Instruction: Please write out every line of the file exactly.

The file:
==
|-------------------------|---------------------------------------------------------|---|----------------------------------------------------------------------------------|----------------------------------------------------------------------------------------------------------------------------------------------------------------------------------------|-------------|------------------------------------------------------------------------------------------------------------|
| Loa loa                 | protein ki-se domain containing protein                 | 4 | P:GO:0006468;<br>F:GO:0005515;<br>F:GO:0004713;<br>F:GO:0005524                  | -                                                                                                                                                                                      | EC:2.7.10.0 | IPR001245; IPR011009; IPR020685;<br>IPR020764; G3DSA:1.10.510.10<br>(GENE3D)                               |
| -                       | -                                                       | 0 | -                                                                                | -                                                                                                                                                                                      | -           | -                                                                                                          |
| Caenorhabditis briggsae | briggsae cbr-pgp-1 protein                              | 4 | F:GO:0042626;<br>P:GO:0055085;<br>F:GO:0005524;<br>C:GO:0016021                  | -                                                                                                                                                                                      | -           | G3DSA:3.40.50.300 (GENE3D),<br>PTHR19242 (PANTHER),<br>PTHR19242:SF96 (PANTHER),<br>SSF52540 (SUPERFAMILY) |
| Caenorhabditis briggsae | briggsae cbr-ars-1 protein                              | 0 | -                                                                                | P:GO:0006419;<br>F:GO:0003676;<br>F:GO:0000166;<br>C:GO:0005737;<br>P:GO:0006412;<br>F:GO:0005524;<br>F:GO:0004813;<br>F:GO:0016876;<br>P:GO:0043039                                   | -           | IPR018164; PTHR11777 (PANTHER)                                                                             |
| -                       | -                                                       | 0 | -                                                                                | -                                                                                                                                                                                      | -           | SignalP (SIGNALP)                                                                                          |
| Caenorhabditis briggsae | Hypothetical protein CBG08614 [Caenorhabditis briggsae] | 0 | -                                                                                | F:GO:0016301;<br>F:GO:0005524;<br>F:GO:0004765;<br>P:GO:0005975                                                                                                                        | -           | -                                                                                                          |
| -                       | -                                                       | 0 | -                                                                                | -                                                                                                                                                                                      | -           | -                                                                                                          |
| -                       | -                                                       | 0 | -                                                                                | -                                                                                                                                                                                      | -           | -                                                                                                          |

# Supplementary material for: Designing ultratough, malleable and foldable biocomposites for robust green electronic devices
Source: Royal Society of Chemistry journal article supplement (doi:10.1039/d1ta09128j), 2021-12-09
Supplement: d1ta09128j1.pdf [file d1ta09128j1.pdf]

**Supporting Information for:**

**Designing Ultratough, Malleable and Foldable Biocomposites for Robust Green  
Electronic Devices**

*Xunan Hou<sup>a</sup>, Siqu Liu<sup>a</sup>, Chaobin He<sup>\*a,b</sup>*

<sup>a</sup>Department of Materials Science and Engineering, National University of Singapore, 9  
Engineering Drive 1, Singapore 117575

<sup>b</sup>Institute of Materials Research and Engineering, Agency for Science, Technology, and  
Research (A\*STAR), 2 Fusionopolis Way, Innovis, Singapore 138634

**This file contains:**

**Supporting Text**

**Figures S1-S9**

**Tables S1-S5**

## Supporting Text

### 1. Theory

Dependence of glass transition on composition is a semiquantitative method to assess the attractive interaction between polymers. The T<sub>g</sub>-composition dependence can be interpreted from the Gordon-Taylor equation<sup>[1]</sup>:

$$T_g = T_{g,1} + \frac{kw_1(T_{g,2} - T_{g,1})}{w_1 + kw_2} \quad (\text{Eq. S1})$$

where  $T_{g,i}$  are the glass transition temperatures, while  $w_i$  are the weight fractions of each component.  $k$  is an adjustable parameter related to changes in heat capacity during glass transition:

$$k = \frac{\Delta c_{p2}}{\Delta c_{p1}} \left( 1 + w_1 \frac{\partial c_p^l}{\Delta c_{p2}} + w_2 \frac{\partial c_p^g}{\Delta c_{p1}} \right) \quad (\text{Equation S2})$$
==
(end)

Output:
|-------------------------|---------------------------------------------------------|---|----------------------------------------------------------------------------------|----------------------------------------------------------------------------------------------------------------------------------------------------------------------------------------|-------------|------------------------------------------------------------------------------------------------------------|
| Loa loa                 | protein ki-se domain containing protein                 | 4 | P:GO:0006468;<br>F:GO:0005515;<br>F:GO:0004713;<br>F:GO:0005524                  | -                                                                                                                                                                                      | EC:2.7.10.0 | IPR001245; IPR011009; IPR020685;<br>IPR020764; G3DSA:1.10.510.10<br>(GENE3D)                               |
| -                       | -                                                       | 0 | -                                                                                | -                                                                                                                                                                                      | -           | -                                                                                                          |
| Caenorhabditis briggsae | briggsae cbr-pgp-1 protein                              | 4 | F:GO:0042626;<br>P:GO:0055085;<br>F:GO:0005524;<br>C:GO:0016021                  | -                                                                                                                                                                                      | -           | G3DSA:3.40.50.300 (GENE3D),<br>PTHR19242 (PANTHER),<br>PTHR19242:SF96 (PANTHER),<br>SSF52540 (SUPERFAMILY) |
| Caenorhabditis briggsae | briggsae cbr-ars-1 protein                              | 0 | -                                                                                | P:GO:0006419;<br>F:GO:0003676;<br>F:GO:0000166;<br>C:GO:0005737;<br>P:GO:0006412;<br>F:GO:0005524;<br>F:GO:0004813;<br>F:GO:0016876;<br>P:GO:0043039                                   | -           | IPR018164; PTHR11777 (PANTHER)                                                                             |
| -                       | -                                                       | 0 | -                                                                                | -                                                                                                                                                                                      | -           | SignalP (SIGNALP)                                                                                          |
| Caenorhabditis briggsae | Hypothetical protein CBG08614 [Caenorhabditis briggsae] | 0 | -                                                                                | F:GO:0016301;<br>F:GO:0005524;<br>F:GO:0004765;<br>P:GO:0005975                                                                                                                        | -           | -                                                                                                          |
| -                       | -                                                       | 0 | -                                                                                | -                                                                                                                                                                                      | -           | -                                                                                                          |
| -                       | -                                                       | 0 | -                                                                                | -                                                                                                                                                                                      | -           | -                                                                                                          |

# Supplementary material for: Designing ultratough, malleable and foldable biocomposites for robust green electronic devices
Source: Royal Society of Chemistry journal article supplement (doi:10.1039/d1ta09128j), 2021-12-09
Supplement: d1ta09128j1.pdf [file d1ta09128j1.pdf]

**Supporting Information for:**

**Designing Ultratough, Malleable and Foldable Biocomposites for Robust Green  
Electronic Devices**

*Xunan Hou<sup>a</sup>, Siqu Liu<sup>a</sup>, Chaobin He<sup>\*a,b</sup>*

<sup>a</sup>Department of Materials Science and Engineering, National University of Singapore, 9  
Engineering Drive 1, Singapore 117575

<sup>b</sup>Institute of Materials Research and Engineering, Agency for Science, Technology, and  
Research (A\*STAR), 2 Fusionopolis Way, Innovis, Singapore 138634

**This file contains:**

**Supporting Text**

**Figures S1-S9**

**Tables S1-S5**

## Supporting Text

### 1. Theory

Dependence of glass transition on composition is a semiquantitative method to assess the attractive interaction between polymers. The T<sub>g</sub>-composition dependence can be interpreted from the Gordon-Taylor equation<sup>[1]</sup>:

$$T_g = T_{g,1} + \frac{kw_1(T_{g,2} - T_{g,1})}{w_1 + kw_2} \quad (\text{Eq. S1})$$

where  $T_{g,i}$  are the glass transition temperatures, while  $w_i$  are the weight fractions of each component.  $k$  is an adjustable parameter related to changes in heat capacity during glass transition:

$$k = \frac{\Delta c_{p2}}{\Delta c_{p1}} \left( 1 + w_1 \frac{\partial c_p^l}{\Delta c_{p2}} + w_2 \frac{\partial c_p^g}{\Delta c_{p1}} \right) \quad (\text{Equation S2})$$